BookLife Prize in Fiction
Science Fiction / Fantasy
- by TJ Slee
This superb novel has it all -- a gripping and twisty plot, well-developed characters, and excellent writing. The story centers on Tully McIntyre, a “sanctioned” 19-year-old who is accused of killing a Vanir, one of the superior beings who rule Earth. The author skillfully keeps the reader guessing as to Tully’s guilt or innocence, all the while creating a complex new world with its own set of laws and systems of justice. Characterization is strong, the story progression logical and original, and while the ending clearly indicates a new installment is to follow, the book stands alone and is complete. Extremely well done.
- by Kate Wars
This brilliantly-written book is a page turner from the get-go. The story centers on Stormy, whose boyfriend, Matt, is extremely sick. After she insists he go to the hospital, she ends up entangled in a terrorist plot that releases a virus throughout the building and kills most of the people inside. The virus also has a strange effect on the dead; it reanimates them as zombie-like creatures called “supers” that aggressively pursue the few surviving humans. The author does a superb writing job throughout, but the action scenes in particular are very gripping. The story unfolds at a quick pace, and the reader is sucked in from beginning to end, feeling Stormy’s fear and the adrenaline that keeps her going. Character development, even of minor players, is strong. Overall, a top-notch book by a gifted writer.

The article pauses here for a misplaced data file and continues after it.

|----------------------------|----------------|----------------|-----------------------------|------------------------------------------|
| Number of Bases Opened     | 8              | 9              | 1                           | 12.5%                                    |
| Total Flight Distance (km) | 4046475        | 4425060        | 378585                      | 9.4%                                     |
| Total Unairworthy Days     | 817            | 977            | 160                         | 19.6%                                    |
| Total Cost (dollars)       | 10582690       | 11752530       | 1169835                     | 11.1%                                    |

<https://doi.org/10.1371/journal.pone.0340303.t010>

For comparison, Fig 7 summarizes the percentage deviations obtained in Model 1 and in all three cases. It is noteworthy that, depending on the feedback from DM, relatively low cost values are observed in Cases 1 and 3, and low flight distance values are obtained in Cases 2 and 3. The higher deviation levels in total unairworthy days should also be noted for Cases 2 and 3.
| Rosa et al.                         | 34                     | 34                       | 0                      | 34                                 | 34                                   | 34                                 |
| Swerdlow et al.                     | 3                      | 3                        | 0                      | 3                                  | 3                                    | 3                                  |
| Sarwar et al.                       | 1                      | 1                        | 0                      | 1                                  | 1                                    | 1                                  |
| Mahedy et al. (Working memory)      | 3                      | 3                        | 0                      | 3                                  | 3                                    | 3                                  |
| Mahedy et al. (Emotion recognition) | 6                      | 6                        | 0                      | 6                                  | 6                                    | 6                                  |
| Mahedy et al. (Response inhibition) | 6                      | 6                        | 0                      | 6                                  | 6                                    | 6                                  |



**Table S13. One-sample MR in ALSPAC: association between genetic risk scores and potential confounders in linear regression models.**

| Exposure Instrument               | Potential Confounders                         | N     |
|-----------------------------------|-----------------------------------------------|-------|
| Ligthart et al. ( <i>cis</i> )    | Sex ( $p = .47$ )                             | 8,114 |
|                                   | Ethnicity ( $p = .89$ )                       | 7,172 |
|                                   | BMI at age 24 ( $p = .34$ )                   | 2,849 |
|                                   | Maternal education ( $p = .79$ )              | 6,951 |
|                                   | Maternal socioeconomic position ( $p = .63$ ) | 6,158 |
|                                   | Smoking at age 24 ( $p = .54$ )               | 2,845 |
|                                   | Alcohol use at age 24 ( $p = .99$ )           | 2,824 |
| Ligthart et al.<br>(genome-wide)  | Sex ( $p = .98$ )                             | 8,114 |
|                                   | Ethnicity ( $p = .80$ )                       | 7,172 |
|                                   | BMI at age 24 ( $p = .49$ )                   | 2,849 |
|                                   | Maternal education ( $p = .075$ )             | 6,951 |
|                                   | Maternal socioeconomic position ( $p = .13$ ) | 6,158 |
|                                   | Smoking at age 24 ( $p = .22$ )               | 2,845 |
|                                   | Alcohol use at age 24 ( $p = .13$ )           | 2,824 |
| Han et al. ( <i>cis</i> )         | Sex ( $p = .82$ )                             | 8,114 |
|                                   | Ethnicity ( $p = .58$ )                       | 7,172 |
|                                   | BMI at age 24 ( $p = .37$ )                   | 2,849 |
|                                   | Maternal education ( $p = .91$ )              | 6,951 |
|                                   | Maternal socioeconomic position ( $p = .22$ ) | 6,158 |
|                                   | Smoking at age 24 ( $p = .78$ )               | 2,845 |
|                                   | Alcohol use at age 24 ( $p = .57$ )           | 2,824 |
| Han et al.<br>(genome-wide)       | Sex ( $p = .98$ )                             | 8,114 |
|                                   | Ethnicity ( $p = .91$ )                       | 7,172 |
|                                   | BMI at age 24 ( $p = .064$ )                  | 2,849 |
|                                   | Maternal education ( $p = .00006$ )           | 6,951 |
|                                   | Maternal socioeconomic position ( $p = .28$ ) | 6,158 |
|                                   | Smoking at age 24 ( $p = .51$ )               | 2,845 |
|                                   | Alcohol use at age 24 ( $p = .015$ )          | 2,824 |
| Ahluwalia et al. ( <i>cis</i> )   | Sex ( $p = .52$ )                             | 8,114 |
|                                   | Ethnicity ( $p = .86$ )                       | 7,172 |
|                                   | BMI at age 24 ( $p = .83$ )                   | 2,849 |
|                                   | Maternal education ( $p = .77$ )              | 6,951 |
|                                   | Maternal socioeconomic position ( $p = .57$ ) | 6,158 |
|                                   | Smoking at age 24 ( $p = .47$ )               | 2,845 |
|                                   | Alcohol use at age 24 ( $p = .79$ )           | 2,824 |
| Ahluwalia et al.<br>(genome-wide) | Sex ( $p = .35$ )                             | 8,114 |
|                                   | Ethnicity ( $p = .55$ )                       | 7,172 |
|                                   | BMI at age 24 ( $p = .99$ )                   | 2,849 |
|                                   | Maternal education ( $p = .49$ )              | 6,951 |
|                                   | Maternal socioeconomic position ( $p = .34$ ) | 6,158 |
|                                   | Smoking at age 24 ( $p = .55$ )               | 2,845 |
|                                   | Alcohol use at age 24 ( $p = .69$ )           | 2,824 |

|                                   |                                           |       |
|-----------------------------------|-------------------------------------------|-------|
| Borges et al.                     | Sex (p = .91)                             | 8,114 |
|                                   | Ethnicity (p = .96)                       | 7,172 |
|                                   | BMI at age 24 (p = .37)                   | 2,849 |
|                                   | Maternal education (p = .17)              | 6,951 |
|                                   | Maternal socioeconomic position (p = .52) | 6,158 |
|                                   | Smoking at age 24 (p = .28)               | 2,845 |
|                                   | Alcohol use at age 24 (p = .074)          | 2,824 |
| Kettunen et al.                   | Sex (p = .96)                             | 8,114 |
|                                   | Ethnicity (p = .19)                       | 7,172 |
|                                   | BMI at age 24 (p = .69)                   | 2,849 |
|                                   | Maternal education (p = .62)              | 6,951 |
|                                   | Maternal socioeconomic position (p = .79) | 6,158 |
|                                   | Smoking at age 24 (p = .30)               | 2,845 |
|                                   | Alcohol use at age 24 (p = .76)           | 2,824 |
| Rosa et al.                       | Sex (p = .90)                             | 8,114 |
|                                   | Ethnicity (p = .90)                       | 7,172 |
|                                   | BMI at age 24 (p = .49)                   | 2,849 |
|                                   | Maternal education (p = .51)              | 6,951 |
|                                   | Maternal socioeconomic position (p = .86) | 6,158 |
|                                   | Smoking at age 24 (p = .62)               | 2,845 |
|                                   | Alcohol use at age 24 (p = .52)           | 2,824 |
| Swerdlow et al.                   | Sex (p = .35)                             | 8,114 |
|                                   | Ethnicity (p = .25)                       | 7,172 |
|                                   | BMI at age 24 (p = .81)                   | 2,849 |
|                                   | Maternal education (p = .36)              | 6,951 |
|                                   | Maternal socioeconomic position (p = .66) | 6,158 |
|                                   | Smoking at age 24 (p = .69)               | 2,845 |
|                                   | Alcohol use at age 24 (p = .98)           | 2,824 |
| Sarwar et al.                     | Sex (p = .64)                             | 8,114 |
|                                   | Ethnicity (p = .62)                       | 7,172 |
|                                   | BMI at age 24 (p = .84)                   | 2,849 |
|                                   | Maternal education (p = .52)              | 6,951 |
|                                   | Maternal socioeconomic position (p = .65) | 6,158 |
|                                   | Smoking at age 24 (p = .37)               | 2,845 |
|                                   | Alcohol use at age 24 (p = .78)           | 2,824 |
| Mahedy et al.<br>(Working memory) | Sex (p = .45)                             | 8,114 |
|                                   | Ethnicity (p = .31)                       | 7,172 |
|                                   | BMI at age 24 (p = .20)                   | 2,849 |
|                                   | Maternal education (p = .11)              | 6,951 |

- by Josh Leone
A rollicking space adventure set in a complex universe in the grip an expanding humanity asserting its will over other species and civilizations, Calling Tower weaves together a complex plot as a band of unlikely companions fights to prevent a zealous potentate from killing billions in his lust for power. With intergalactic rogues, imposing imperialistic forces, killers and madmen, revenge and conspiracy, aliens, swashbuckling battles, and enough technical details to satisfy even the hardest of sci-fi fans, Leone's space saga is sure to please readers of every ilk.